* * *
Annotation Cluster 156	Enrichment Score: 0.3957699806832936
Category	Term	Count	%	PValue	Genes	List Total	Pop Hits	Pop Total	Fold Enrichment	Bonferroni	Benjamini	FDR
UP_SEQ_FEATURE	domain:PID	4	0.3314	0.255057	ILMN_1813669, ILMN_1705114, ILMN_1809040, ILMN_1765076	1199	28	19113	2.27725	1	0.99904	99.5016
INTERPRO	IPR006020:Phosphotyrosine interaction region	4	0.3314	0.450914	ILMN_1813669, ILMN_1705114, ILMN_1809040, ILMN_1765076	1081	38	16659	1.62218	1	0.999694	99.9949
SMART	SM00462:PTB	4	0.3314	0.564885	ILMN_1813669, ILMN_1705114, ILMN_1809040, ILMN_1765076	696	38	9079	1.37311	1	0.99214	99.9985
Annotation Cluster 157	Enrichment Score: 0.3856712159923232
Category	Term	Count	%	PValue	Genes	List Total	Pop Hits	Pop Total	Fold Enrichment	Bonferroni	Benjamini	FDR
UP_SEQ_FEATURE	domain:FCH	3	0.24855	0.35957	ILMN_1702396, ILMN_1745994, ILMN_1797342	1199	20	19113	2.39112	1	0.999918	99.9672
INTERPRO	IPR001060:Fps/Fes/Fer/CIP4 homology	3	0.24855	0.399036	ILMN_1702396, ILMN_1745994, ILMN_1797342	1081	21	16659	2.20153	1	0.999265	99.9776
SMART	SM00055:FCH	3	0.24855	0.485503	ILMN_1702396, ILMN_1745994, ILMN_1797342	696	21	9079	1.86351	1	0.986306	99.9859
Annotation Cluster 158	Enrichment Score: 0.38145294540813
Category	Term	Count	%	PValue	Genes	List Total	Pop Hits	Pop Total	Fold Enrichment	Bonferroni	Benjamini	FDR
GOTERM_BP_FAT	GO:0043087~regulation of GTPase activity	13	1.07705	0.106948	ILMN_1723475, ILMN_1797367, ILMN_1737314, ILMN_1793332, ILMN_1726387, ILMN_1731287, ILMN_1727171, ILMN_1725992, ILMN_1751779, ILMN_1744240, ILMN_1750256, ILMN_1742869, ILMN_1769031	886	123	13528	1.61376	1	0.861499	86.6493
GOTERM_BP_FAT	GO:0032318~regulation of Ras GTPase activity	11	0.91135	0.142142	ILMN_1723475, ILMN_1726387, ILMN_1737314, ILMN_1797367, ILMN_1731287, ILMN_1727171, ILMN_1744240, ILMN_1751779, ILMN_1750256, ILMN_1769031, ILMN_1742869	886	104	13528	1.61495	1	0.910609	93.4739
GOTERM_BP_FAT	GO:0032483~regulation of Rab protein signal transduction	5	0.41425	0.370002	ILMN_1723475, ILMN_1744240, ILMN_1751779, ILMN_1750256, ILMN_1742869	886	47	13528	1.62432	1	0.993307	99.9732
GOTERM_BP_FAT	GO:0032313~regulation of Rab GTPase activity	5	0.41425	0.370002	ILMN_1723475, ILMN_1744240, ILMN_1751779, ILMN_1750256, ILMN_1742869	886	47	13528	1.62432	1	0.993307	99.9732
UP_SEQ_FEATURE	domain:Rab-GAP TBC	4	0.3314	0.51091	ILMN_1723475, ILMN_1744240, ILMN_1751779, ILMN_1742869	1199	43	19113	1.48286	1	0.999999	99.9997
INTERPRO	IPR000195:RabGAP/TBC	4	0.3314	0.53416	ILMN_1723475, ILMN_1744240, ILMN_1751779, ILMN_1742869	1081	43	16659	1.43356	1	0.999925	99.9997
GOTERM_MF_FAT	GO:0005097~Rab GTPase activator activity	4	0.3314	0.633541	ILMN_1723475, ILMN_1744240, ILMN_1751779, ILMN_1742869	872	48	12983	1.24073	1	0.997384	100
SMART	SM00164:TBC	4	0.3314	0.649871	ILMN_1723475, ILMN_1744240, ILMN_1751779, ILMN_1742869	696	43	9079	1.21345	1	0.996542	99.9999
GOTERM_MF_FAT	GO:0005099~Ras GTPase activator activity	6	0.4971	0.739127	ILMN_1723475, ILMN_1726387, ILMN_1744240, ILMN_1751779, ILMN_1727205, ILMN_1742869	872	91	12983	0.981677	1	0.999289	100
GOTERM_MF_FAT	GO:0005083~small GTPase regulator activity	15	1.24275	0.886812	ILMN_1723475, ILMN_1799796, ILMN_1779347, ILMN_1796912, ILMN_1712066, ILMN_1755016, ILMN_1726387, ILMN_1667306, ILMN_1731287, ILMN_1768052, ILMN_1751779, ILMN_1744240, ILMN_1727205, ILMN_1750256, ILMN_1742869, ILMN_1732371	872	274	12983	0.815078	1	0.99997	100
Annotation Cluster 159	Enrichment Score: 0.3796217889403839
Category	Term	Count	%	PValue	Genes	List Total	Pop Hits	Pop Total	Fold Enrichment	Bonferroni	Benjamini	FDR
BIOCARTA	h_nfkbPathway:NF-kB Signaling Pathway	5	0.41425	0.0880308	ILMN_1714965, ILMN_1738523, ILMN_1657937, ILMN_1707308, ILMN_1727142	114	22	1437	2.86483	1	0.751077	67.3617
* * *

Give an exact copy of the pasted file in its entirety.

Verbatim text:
Annotation Cluster 156	Enrichment Score: 0.3957699806832936
Category	Term	Count	%	PValue	Genes	List Total	Pop Hits	Pop Total	Fold Enrichment	Bonferroni	Benjamini	FDR
UP_SEQ_FEATURE	domain:PID	4	0.3314	0.255057	ILMN_1813669, ILMN_1705114, ILMN_1809040, ILMN_1765076	1199	28	19113	2.27725	1	0.99904	99.5016
INTERPRO	IPR006020:Phosphotyrosine interaction region	4	0.3314	0.450914	ILMN_1813669, ILMN_1705114, ILMN_1809040, ILMN_1765076	1081	38	16659	1.62218	1	0.999694	99.9949
SMART	SM00462:PTB	4	0.3314	0.564885	ILMN_1813669, ILMN_1705114, ILMN_1809040, ILMN_1765076	696	38	9079	1.37311	1	0.99214	99.9985
Annotation Cluster 157	Enrichment Score: 0.3856712159923232
Category	Term	Count	%	PValue	Genes	List Total	Pop Hits	Pop Total	Fold Enrichment	Bonferroni	Benjamini	FDR
UP_SEQ_FEATURE	domain:FCH	3	0.24855	0.35957	ILMN_1702396, ILMN_1745994, ILMN_1797342	1199	20	19113	2.39112	1	0.999918	99.9672
INTERPRO	IPR001060:Fps/Fes/Fer/CIP4 homology	3	0.24855	0.399036	ILMN_1702396, ILMN_1745994, ILMN_1797342	1081	21	16659	2.20153	1	0.999265	99.9776
SMART	SM00055:FCH	3	0.24855	0.485503	ILMN_1702396, ILMN_1745994, ILMN_1797342	696	21	9079	1.86351	1	0.986306	99.9859
Annotation Cluster 158	Enrichment Score: 0.38145294540813
Category	Term	Count	%	PValue	Genes	List Total	Pop Hits	Pop Total	Fold Enrichment	Bonferroni	Benjamini	FDR
GOTERM_BP_FAT	GO:0043087~regulation of GTPase activity	13	1.07705	0.106948	ILMN_1723475, ILMN_1797367, ILMN_1737314, ILMN_1793332, ILMN_1726387, ILMN_1731287, ILMN_1727171, ILMN_1725992, ILMN_1751779, ILMN_1744240, ILMN_1750256, ILMN_1742869, ILMN_1769031	886	123	13528	1.61376	1	0.861499	86.6493
GOTERM_BP_FAT	GO:0032318~regulation of Ras GTPase activity	11	0.91135	0.142142	ILMN_1723475, ILMN_1726387, ILMN_1737314, ILMN_1797367, ILMN_1731287, ILMN_1727171, ILMN_1744240, ILMN_1751779, ILMN_1750256, ILMN_1769031, ILMN_1742869	886	104	13528	1.61495	1	0.910609	93.4739
GOTERM_BP_FAT	GO:0032483~regulation of Rab protein signal transduction	5	0.41425	0.370002	ILMN_1723475, ILMN_1744240, ILMN_1751779, ILMN_1750256, ILMN_1742869	886	47	13528	1.62432	1	0.993307	99.9732
GOTERM_BP_FAT	GO:0032313~regulation of Rab GTPase activity	5	0.41425	0.370002	ILMN_1723475, ILMN_1744240, ILMN_1751779, ILMN_1750256, ILMN_1742869	886	47	13528	1.62432	1	0.993307	99.9732
UP_SEQ_FEATURE	domain:Rab-GAP TBC	4	0.3314	0.51091	ILMN_1723475, ILMN_1744240, ILMN_1751779, ILMN_1742869	1199	43	19113	1.48286	1	0.999999	99.9997
INTERPRO	IPR000195:RabGAP/TBC	4	0.3314	0.53416	ILMN_1723475, ILMN_1744240, ILMN_1751779, ILMN_1742869	1081	43	16659	1.43356	1	0.999925	99.9997
GOTERM_MF_FAT	GO:0005097~Rab GTPase activator activity	4	0.3314	0.633541	ILMN_1723475, ILMN_1744240, ILMN_1751779, ILMN_1742869	872	48	12983	1.24073	1	0.997384	100
SMART	SM00164:TBC	4	0.3314	0.649871	ILMN_1723475, ILMN_1744240, ILMN_1751779, ILMN_1742869	696	43	9079	1.21345	1	0.996542	99.9999
GOTERM_MF_FAT	GO:0005099~Ras GTPase activator activity	6	0.4971	0.739127	ILMN_1723475, ILMN_1726387, ILMN_1744240, ILMN_1751779, ILMN_1727205, ILMN_1742869	872	91	12983	0.981677	1	0.999289	100
GOTERM_MF_FAT	GO:0005083~small GTPase regulator activity	15	1.24275	0.886812	ILMN_1723475, ILMN_1799796, ILMN_1779347, ILMN_1796912, ILMN_1712066, ILMN_1755016, ILMN_1726387, ILMN_1667306, ILMN_1731287, ILMN_1768052, ILMN_1751779, ILMN_1744240, ILMN_1727205, ILMN_1750256, ILMN_1742869, ILMN_1732371	872	274	12983	0.815078	1	0.99997	100
Annotation Cluster 159	Enrichment Score: 0.3796217889403839
Category	Term	Count	%	PValue	Genes	List Total	Pop Hits	Pop Total	Fold Enrichment	Bonferroni	Benjamini	FDR
BIOCARTA	h_nfkbPathway:NF-kB Signaling Pathway	5	0.41425	0.0880308	ILMN_1714965, ILMN_1738523, ILMN_1657937, ILMN_1707308, ILMN_1727142	114	22	1437	2.86483	1	0.751077	67.3617